The book is definitely written in good faith but the blurb “A journey in search of an unknown India” is rather misleading. The many chapters tell us stories of Hindus and Muslims coexisting peacefully and absorbing each other’s culture and religion. I am not sure these stories are as unknown as the author says and especially since these are mostly places which are often of religious interest and attract thousands of people. In her preface, the author says the work examines the several syncretic traditions that survive in India, largely among the Muslim community but also with the participation of non-Muslims, within the cultural tradition of what may be defined as Hindu civilisation. “This book is also about a personal journey, a search for an India that is tolerant and safe for all communities, an India that synthesises identities instead of atomising us all …”
Her mixed background is explained and how she was boxed into being a Muslim and later, and her deepening interest in issues of religion, cultural forms and evolutions of identity. She has also been at the receiving end of being a Muslim with property brokers stating quite openly it was better to use a non-Muslim name while renting a house. By putting together a host of stories on her visits to various parts of the country, the author counters the myth that Hindus and Muslims cannot live together or that they are two communities that must be hostile to each other. “This is my offering in an age when Hindu majoritarianism is always raising its ugly head, when Islamic Puritanism is on the rise across the globe and when issues of identity still determine our politics,” she says. This does seem a rather naive proposition and it might be important to examine if these offerings are enough to counter divisiveness and and an anti-secular politics which is gaining strength.
Nevertheless, at this critical juncture it is important to bring into focus respect and tolerance for each other’s religion and the stories serve that purpose.
Her journey spread over several years, takes her to Midnapore where the Patachitra painters are both Hindu and Muslim in a sense. Marriages are performed according to Hindu rites and also solemnised by a Qazi whereas funerals are conducted as per Islamic dictates. Married women wear the sindoor and all festivals are celebrated and they have two names, one from each community. Her account of the Muslim Goddess Bonobibi highlights the fact that while idol worship is banned among Muslims the people of Sunderbans worship the tiger goddess, a Durga like figure, apart from the tiger god Dakshin Ray and Ghazi Mian.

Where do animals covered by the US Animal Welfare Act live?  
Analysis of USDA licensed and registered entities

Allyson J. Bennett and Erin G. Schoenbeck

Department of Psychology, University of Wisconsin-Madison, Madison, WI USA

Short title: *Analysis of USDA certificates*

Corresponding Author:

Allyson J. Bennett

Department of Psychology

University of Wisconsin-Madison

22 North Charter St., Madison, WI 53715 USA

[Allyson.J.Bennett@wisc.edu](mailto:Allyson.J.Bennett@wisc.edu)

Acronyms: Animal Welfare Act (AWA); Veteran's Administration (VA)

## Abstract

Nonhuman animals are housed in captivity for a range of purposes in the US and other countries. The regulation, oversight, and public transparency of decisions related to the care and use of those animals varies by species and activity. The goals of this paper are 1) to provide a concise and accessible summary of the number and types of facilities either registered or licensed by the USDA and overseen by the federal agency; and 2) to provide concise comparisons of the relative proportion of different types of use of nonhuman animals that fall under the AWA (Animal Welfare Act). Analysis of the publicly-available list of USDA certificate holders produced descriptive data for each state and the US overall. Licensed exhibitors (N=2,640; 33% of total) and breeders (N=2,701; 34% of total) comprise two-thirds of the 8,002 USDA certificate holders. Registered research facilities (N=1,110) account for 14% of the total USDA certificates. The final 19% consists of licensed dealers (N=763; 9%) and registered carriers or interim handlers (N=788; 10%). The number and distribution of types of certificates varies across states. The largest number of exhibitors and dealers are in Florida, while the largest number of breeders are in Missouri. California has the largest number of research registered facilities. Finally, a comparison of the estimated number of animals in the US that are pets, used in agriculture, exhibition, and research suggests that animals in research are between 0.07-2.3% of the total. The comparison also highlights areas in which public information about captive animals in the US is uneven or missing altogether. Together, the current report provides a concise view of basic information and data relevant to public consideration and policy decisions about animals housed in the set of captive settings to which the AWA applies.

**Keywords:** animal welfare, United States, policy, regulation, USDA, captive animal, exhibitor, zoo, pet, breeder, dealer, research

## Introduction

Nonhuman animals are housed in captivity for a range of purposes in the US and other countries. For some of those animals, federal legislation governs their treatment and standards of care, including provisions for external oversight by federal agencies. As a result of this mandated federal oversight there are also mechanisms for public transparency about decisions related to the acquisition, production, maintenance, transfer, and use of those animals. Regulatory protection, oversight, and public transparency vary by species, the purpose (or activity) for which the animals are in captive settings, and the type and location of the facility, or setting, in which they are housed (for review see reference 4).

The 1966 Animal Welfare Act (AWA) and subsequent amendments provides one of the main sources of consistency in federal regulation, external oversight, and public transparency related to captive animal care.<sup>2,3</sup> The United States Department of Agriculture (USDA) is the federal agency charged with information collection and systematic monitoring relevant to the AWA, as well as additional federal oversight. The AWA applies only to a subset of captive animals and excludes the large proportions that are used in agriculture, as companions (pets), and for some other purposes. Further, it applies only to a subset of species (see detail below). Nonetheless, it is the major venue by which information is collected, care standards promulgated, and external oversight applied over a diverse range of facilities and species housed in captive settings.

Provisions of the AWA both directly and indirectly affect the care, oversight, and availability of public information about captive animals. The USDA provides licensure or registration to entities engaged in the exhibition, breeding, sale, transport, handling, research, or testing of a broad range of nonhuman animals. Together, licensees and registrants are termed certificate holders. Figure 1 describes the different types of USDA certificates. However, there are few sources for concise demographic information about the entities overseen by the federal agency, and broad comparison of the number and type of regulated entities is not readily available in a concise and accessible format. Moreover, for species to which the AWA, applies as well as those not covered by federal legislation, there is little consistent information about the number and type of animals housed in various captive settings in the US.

The stories go on about the Bauls in Kenduli, the worshippers in Kolkata of Kali and Manickpir, a Muslim saint, the Shiv Sena claiming Haji Malang near Mumbai is not a mausoleum of a Sufi saint but a tomb of a Hindu godman and so on. The Sena’s move was countered by the priests at Haji Malang, the Ketkars the Brahmins who are the traditional caretakers of the shrine.
The other famous place in Maharashtra she holds up as an example of strife is at Madhi, in Ahmednagar where a Sufi shrine and dargah of Shah Ramzan is located. The shrine was a place of pilgrimage but now it has become Kanifnath and the bulk of the visitors at the annual rural fairs that takes place are from the Hindu community.
Most of the symbols there are now overtly Hindu, the author writes, poking a hole into the myth that this is a symbol of Hindu-Muslim unity. The worst example of the increasing denial of a syncretic culture is the demolition of the poet Vali Gujarati’s tomb during the post-Godhra carnage in 2002, in Gujarat.
His grave was dug up 300 years after his death and it was paved over with an idol of Hanuman placed there. But the book also notes that in Gujarat there are communities in Kutch for instance which have blended their Islamic faith with their original Hindu customs.
Glimmer of hope
The author says that after her travels, she has come to believe that in the midst of the greatest sorrow there is always a little glimmer of hope. The stories are short and to the point and offer some good examples specially the one titled ‘Lord Vishnu’s Lady in Tiruchirappalli’. One of Vishnu’s main consorts in the Ranganathaswamy temple is Thulukka Nachiyar, “a respected Muslim lady”. Legend says she is the daughter of a Muslim sultan who fell in love with Lord Vishnu and died weeping at the gates of the temple as she was not allowed inside. There is no idol depicting her but a 400-year old Tanjore painting represents her. Even today while Muslims are not allowed entry into the sanctum sanctorum, the author says, this Muslim lady is “served” for ten days by Lord Vishnu whose idol is taken in a procession during the Tamil month of Marghazi.
The Platform Pirs is a story that tells us how popular religion creates its cults and how peddling religion maybe a tad more profitable than hawking vegetables, much like certain political parties which are riding on the promise of a Ram temple. While all these stories are illustrative of the country’s traditions of tolerance and intermingling, there is the larger political question that is looming above this which is addressed in passing — that of a shrinking secular space and divisive politics.
These stories should not be showcased as the last examples of the country’s happier past in a sense. They have to be understood and located in a wider context where communal polarisation is becoming a reality and majoritarian views and theories are acquiring bedrock-like status.
( Meena Menon is Chief of Bureau of The Hindu in Mumbai )